• As a subnote, if a Dwarf does not think they will be able to complete their life's work in their lifetime, they will develop an incredible urge to procreate so that their heir may finish it. If their same-gendered first-born dies and their Line is broken without completing their life's work, they will fall into despair, or work madly with such a looming and literal deadline.
  • Or, if they are drunk. Intoxicated Dwarves are generally quite uproarious, horny, emotional, and free-thinking. This boost to creativity is what drives many Dwarves to drink, although alcohol often causes as many problems as it enables them to solve.

Alcohol is prevalent in Dwarven society; because of the aforementioned lack of sex-drive, Dwarven populations only dwindle without alcohol, so they have “evolved” to include some form of alcohol in all Dwarven societies.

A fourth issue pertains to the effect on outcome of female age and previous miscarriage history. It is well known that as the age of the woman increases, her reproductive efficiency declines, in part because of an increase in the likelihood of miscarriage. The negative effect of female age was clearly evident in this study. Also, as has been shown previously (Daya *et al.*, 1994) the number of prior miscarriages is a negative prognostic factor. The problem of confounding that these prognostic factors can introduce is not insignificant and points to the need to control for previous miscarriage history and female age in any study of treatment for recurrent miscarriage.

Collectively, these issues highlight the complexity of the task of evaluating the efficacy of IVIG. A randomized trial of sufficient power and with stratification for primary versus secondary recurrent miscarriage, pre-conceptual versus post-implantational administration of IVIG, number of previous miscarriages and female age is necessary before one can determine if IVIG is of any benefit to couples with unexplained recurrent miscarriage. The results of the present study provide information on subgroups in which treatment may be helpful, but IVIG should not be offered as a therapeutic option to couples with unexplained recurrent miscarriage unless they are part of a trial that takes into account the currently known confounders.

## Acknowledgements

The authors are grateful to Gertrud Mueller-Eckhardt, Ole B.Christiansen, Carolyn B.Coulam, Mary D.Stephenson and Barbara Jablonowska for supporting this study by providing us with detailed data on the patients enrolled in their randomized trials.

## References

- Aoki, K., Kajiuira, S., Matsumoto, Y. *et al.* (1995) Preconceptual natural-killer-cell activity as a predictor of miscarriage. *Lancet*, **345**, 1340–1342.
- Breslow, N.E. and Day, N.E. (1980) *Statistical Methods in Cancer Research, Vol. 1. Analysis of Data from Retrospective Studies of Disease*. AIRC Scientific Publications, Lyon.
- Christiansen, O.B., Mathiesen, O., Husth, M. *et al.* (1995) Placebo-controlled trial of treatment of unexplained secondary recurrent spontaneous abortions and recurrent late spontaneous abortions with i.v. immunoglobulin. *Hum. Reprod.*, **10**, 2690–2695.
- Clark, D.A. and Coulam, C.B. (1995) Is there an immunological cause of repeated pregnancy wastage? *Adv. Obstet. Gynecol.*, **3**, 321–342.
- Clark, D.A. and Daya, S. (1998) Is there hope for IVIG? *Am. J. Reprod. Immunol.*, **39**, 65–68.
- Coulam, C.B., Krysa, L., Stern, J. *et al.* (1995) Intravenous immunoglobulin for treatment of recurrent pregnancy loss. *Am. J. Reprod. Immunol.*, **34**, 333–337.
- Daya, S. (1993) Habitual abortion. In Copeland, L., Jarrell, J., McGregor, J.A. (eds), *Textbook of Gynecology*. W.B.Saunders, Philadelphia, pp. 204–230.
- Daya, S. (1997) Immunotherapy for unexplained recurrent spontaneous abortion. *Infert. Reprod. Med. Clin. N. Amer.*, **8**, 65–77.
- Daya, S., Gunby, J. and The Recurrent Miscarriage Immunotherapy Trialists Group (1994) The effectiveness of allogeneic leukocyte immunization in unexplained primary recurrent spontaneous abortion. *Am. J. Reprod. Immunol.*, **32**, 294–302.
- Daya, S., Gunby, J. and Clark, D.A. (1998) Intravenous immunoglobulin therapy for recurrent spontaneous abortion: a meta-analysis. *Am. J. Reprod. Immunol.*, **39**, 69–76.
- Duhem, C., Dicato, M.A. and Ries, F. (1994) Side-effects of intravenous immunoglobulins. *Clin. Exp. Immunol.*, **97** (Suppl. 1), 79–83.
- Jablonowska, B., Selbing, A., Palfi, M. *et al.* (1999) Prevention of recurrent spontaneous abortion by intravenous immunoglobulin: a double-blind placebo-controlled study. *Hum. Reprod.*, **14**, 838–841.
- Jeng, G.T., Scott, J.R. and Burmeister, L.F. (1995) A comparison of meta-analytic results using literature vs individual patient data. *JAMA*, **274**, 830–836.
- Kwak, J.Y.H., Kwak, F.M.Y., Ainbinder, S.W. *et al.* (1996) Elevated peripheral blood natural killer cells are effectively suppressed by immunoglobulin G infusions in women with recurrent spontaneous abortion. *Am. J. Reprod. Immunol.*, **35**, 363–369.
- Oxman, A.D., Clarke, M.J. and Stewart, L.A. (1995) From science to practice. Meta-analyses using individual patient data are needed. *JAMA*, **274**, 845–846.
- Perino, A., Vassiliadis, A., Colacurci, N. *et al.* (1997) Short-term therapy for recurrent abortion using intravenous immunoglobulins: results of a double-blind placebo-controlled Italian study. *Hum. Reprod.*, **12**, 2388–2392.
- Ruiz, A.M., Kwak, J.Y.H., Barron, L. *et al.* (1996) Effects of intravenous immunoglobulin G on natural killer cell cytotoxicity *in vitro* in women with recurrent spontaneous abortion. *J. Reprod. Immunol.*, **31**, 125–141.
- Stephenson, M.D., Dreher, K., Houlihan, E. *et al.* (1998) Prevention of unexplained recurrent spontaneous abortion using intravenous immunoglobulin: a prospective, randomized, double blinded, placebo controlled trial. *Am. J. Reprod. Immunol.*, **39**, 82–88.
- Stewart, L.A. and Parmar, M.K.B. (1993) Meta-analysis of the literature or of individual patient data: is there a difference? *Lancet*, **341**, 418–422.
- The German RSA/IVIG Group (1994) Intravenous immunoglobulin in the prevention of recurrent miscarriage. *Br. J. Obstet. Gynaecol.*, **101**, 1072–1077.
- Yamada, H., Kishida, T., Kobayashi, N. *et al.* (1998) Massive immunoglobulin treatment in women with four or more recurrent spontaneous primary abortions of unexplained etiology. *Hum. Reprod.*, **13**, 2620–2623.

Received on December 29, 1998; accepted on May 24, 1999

A Dwarf will follow their line to all ends of the earth; it is not uncommon for Dwarves to:
  • Become hermits, producing whatever masterful works they have dedicated themselves to for its own sake
  • Leave Dwarven society to pursue their craft; this is most common for anything artistic, as they will find little audience or market for art and performances there
  • Create a single masterpiece in some obscure location; this may be a giant statue in the desert, an intricate dungeon beneath a wine-cellar, an epic mansion in the middle of a forest, or whatever
  • Create an enormous number of the same thing, far beyond any market's demand for them.
  • Beggar themselves when their Line is not profitable, or amass an unspent fortune when it is